Dabrafenib Plus Trametinib for the Treatment of mNSCLC

Joshua Bauml, MD:…Multiple trials…have evaluated dabrafenib with or without trametinib for the treatment ofBRAFV600E—mutant non–small cell lung cancer. The initial trial just used dabrafenib. And they said, “OK, well, we see a response rate of around 30%,” with exactly the adverse effects you’d expect with dabrafenib.

So one of the key concerns about dabrafenib monotherapy in anyBRAF-targeting monotherapy is the development of keratoacanthomas on the skin, which can then develop into squamous cell carcinoma. We know by extrapolating data from melanoma that when we combine that with a MEK inhibitor such as trametinib, we can enhance the response rate and decrease the incidence of these cutaneous toxicities.

And so, there were 2 trials done that combined dabrafenib and trametinib. In one trial they used [them] in the first line, and in another trial they combined dabrafenib and trametinib after other prior treatments.

…The response rate and the overall outcomes in these trials were nearly identical. And so we can give dabrafenib and trametinib in later lines and expect just as good outcomes. My concern, though, is...if I have a patient in front of me, I like to use my best treatment first. And in my mind, there is no doubt that the targeted therapy is going to have a higher response rate than…chemotherapy or chemoimmunotherapy. The combination of dabrafenib and trametinib is associated with a response rate of around 60%, and that is superior to what we would expect to see…with chemotherapy, immunotherapy, or chemoimmunotherapy here.

This patient had a response that lasted for at least 9 months, and that’s what we tend to see with these agents. You’ll see a response that lasts anywhere from 9 months to a year, and then you can have progression.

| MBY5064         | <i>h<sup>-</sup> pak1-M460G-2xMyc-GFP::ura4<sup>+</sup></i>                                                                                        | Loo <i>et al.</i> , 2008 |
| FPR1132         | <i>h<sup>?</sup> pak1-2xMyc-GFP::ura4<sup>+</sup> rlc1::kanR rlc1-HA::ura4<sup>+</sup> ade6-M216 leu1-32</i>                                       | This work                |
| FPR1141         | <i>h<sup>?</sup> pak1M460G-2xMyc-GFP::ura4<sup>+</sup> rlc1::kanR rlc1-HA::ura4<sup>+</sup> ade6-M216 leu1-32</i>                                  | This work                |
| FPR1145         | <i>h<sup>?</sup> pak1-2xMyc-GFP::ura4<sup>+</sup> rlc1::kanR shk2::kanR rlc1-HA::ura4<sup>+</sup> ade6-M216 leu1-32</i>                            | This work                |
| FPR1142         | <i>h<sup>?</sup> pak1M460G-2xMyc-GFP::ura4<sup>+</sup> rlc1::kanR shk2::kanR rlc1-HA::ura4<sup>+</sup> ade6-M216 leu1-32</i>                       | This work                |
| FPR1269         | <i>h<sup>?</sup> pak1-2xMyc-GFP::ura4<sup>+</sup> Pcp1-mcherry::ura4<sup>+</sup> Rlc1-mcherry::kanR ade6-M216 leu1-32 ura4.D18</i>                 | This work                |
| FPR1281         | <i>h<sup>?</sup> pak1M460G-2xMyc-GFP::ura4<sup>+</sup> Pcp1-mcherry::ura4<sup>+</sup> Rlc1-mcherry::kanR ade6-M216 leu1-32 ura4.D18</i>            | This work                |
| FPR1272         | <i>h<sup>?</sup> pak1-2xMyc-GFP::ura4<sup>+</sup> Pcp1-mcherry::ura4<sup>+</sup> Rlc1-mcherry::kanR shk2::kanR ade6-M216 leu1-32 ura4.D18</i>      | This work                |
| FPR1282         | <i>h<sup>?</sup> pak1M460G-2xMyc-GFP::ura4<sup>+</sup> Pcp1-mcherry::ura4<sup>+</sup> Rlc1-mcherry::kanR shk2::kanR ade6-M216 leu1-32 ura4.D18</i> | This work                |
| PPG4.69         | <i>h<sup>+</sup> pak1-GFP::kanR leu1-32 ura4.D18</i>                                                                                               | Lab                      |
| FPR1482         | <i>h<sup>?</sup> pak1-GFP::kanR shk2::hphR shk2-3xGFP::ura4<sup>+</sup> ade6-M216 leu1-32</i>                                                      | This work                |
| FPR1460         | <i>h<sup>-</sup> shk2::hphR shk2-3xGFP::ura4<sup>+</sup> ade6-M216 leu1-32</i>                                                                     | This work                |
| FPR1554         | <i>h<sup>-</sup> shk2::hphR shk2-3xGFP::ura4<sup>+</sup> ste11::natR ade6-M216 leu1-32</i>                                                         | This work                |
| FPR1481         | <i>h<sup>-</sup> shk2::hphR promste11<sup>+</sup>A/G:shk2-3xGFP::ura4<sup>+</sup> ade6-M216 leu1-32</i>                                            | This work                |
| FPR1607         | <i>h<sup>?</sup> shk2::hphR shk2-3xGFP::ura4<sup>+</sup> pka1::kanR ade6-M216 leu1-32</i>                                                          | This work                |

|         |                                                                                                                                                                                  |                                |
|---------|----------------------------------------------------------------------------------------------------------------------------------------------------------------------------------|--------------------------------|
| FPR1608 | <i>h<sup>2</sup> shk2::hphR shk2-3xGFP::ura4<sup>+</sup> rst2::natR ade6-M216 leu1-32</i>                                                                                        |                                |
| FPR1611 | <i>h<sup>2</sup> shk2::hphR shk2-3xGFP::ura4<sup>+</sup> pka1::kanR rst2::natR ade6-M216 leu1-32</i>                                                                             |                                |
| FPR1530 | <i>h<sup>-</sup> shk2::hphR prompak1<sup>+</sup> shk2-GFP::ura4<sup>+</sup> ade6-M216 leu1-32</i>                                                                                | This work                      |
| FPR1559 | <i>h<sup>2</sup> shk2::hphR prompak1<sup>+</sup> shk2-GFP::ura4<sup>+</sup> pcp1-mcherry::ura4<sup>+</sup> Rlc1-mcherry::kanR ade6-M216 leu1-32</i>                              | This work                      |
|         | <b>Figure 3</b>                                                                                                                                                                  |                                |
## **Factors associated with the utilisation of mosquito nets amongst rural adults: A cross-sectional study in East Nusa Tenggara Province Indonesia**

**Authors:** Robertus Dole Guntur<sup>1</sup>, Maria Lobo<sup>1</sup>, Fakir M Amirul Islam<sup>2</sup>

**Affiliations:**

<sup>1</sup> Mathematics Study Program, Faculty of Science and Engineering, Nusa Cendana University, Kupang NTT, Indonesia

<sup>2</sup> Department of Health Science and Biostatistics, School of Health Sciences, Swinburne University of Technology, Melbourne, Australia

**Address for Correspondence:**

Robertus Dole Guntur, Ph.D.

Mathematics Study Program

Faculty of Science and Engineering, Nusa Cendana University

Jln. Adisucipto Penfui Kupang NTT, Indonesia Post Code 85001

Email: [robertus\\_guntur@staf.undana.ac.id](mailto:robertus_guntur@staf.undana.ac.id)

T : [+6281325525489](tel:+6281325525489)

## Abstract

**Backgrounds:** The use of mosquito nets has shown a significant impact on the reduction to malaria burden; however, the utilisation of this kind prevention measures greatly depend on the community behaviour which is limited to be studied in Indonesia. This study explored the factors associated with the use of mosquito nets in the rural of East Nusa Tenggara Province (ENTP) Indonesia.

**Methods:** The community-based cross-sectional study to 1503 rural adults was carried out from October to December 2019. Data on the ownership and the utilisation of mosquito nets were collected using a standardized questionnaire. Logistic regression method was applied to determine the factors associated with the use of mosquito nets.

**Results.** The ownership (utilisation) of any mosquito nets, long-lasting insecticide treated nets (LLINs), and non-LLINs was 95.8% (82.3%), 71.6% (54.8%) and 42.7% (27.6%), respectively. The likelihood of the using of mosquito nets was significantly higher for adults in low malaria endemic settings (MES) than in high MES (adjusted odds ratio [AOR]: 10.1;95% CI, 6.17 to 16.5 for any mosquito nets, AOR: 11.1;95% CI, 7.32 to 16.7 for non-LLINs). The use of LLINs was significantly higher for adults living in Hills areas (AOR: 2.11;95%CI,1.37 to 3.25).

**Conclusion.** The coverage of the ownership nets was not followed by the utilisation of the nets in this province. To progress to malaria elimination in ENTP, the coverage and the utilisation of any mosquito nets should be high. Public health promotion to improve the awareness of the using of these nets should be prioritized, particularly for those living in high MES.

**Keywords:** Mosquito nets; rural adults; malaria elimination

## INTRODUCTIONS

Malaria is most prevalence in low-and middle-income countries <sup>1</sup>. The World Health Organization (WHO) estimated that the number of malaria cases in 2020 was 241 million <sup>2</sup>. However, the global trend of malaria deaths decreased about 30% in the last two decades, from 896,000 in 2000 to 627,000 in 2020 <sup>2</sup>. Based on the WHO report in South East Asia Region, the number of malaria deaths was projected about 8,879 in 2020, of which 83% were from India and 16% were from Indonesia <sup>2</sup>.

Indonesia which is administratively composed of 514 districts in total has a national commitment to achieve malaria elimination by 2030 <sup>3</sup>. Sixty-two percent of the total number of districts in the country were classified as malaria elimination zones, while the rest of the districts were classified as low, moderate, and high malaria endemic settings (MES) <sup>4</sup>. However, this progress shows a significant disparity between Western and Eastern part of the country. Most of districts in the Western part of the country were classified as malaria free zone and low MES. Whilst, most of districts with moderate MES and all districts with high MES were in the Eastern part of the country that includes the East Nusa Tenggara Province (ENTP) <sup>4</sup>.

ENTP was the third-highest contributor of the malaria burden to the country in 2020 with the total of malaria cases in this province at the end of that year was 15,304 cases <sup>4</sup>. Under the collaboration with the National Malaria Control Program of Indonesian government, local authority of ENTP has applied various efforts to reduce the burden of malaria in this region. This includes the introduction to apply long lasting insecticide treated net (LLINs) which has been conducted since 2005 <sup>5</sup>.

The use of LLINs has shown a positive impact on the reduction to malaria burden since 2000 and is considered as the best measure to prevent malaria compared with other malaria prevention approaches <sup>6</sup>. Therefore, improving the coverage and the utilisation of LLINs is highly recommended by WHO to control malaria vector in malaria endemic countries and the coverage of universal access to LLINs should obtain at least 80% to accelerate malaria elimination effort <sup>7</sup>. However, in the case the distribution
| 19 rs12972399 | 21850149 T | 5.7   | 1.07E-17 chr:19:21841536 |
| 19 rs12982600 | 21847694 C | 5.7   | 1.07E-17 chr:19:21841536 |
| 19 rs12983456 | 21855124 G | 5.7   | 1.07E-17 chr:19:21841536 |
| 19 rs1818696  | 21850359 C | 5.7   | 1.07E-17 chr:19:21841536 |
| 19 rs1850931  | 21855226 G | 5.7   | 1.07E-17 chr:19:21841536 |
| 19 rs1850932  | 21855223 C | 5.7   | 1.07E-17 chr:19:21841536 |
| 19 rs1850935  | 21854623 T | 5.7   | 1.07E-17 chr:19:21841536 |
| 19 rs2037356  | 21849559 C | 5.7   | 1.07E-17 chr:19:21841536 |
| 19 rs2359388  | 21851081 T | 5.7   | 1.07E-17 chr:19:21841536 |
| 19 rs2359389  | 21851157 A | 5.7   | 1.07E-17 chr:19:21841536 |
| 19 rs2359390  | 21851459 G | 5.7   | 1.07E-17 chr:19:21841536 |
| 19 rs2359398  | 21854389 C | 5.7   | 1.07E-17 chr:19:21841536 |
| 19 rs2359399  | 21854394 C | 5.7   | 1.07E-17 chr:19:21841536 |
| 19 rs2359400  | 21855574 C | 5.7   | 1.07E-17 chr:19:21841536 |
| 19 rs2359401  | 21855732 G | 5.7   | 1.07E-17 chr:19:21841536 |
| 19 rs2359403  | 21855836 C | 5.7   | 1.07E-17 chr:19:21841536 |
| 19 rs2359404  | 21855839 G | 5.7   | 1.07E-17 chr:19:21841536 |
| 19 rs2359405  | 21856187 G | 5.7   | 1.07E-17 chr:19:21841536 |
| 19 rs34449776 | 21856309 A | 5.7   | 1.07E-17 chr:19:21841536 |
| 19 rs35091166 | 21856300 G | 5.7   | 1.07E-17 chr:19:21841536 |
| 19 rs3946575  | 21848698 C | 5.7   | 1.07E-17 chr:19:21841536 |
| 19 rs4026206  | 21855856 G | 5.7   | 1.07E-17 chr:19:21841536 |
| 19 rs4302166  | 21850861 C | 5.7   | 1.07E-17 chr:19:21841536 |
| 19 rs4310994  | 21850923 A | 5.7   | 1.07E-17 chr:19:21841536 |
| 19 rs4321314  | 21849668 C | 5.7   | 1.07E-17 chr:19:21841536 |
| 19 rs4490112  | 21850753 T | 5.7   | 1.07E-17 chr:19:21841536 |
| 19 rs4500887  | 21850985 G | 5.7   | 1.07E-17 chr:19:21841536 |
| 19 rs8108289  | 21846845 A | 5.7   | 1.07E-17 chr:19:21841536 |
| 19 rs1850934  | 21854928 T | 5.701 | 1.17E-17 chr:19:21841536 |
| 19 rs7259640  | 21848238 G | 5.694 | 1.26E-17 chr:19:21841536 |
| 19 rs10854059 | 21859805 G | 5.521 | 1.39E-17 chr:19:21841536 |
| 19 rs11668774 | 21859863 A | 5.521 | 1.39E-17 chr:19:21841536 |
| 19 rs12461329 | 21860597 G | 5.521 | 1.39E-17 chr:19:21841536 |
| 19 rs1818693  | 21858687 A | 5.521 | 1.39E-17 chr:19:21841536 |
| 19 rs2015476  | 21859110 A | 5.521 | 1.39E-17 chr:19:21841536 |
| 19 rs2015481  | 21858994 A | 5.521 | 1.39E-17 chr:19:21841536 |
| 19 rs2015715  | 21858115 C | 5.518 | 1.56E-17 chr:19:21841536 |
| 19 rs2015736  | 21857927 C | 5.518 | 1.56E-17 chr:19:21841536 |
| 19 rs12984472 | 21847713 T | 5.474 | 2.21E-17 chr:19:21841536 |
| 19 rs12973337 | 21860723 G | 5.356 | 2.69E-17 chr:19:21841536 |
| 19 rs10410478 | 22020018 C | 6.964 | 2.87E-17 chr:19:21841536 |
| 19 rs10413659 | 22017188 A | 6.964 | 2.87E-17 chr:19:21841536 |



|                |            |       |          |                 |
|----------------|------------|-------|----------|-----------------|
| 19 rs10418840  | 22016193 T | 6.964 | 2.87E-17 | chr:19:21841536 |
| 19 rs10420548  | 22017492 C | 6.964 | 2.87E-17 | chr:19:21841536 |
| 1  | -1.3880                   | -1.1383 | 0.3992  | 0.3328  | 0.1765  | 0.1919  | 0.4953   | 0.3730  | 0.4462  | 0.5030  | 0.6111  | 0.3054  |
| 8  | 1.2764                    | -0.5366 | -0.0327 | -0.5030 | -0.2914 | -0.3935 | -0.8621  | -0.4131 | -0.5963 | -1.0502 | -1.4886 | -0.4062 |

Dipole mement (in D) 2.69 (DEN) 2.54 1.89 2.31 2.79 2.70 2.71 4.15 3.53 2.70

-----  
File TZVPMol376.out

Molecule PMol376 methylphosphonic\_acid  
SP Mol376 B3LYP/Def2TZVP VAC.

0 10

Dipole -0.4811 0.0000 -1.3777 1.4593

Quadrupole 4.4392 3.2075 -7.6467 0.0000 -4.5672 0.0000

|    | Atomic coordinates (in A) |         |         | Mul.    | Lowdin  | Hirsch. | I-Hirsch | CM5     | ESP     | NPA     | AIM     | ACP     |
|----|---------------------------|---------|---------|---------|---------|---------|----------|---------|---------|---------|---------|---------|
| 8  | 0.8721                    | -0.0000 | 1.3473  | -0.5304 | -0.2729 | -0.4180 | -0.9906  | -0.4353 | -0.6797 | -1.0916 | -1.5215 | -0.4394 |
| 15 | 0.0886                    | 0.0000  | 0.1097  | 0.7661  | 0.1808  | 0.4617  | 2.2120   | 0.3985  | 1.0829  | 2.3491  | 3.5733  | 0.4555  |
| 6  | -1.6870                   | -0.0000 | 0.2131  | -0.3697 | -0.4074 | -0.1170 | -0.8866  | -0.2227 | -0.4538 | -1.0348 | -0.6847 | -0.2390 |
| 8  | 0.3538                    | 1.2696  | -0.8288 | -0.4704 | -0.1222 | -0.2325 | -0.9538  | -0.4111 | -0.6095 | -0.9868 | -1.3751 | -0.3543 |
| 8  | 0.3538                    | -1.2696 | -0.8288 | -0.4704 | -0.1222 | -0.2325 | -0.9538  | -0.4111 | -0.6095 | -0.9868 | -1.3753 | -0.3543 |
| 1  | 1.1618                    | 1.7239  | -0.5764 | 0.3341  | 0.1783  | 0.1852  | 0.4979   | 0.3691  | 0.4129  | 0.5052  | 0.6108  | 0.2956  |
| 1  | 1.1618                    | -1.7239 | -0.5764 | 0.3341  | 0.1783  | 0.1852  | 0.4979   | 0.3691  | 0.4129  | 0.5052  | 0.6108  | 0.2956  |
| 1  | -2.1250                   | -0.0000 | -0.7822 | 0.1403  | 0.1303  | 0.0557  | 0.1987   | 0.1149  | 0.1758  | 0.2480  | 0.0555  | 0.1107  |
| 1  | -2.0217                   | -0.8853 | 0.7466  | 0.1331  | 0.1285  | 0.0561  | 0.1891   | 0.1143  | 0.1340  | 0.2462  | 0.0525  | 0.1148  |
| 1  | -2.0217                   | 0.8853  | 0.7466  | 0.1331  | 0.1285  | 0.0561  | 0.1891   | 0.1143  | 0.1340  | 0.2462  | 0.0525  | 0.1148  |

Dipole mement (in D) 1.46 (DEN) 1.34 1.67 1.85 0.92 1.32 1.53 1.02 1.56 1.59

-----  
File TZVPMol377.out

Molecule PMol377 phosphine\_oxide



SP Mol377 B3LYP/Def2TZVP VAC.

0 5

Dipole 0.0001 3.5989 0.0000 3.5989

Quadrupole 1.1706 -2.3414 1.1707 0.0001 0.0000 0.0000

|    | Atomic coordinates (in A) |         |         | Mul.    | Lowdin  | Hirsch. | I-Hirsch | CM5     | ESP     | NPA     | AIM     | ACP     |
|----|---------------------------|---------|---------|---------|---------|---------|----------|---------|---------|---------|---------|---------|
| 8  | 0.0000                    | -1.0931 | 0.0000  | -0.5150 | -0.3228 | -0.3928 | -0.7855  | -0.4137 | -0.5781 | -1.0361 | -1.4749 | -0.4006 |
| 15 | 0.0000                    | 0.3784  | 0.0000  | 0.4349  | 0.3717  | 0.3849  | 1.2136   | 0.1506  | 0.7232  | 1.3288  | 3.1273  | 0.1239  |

Dabrafenib and trametinib are generally well tolerated. The 1 main adverse effect…with this combination is fever. And the fevers happen early, and they do happen pretty often. It’s important to counsel the patient about how to manage them using Tylenol to reduce the fever and to reassure the patient that this is not an indication that the treatment is not working or that the cancer is growing or that they have an infection—but that it is something…you have to look out for.

If you have a patient who’s been on dabrafenib, trametinib without fevers, and then all of a sudden develops fevers, you should still look for signs of infection in that setting. Usually the fevers happen early. In terms of nausea and vomiting…dose reductions…can be used. But really the big one that I look out for is fever, and sometimes fatigue.

Transcript edited for clarity.

Case: A 62-Year-Old Woman With MetastaticBRAFV600E-Mutated NSCLC

Initial Presentation

  • A 62-year-old woman presented with a 4-month history of chronic cough, dyspnea, loss of appetite and weight loss
  • PMH/SH: 25 pack-year smoking history, quit 12 years ago
  • PE: Right-sided wheezing on auscultation

Clinical Workup

  • Labs: WNL
  • Chest/abdomen/pelvic CT showed a 2.5-cm solid pulmonary lesion in the left inferior lobe, ipsilateral peribronchial lymph node involvement and multiple small hepatic lesions
  • Bronchoscopic biopsy of the lung lesion and lymph node revealed lung adenocarcinoma
  • Contrast‐enhanced MRI of the head showed no evidence of metastases
  • Molecular and biomarker testing: BRAFV600E+,EGFR-, ALK-, ROS1-,PD-L1 0%
  • Stage T1cN1M1c; ECOG PS 0

Treatment and Follow-Up

  • Started on dabrafenib 150 mg PO qDay BID + trametinib 2 mg PO qDay; achieved a partial response
    • Patient developed intermitted nausea and vomiting, medically controlled
  • Imaging at 3,6 and 9 months showed sustained partial response
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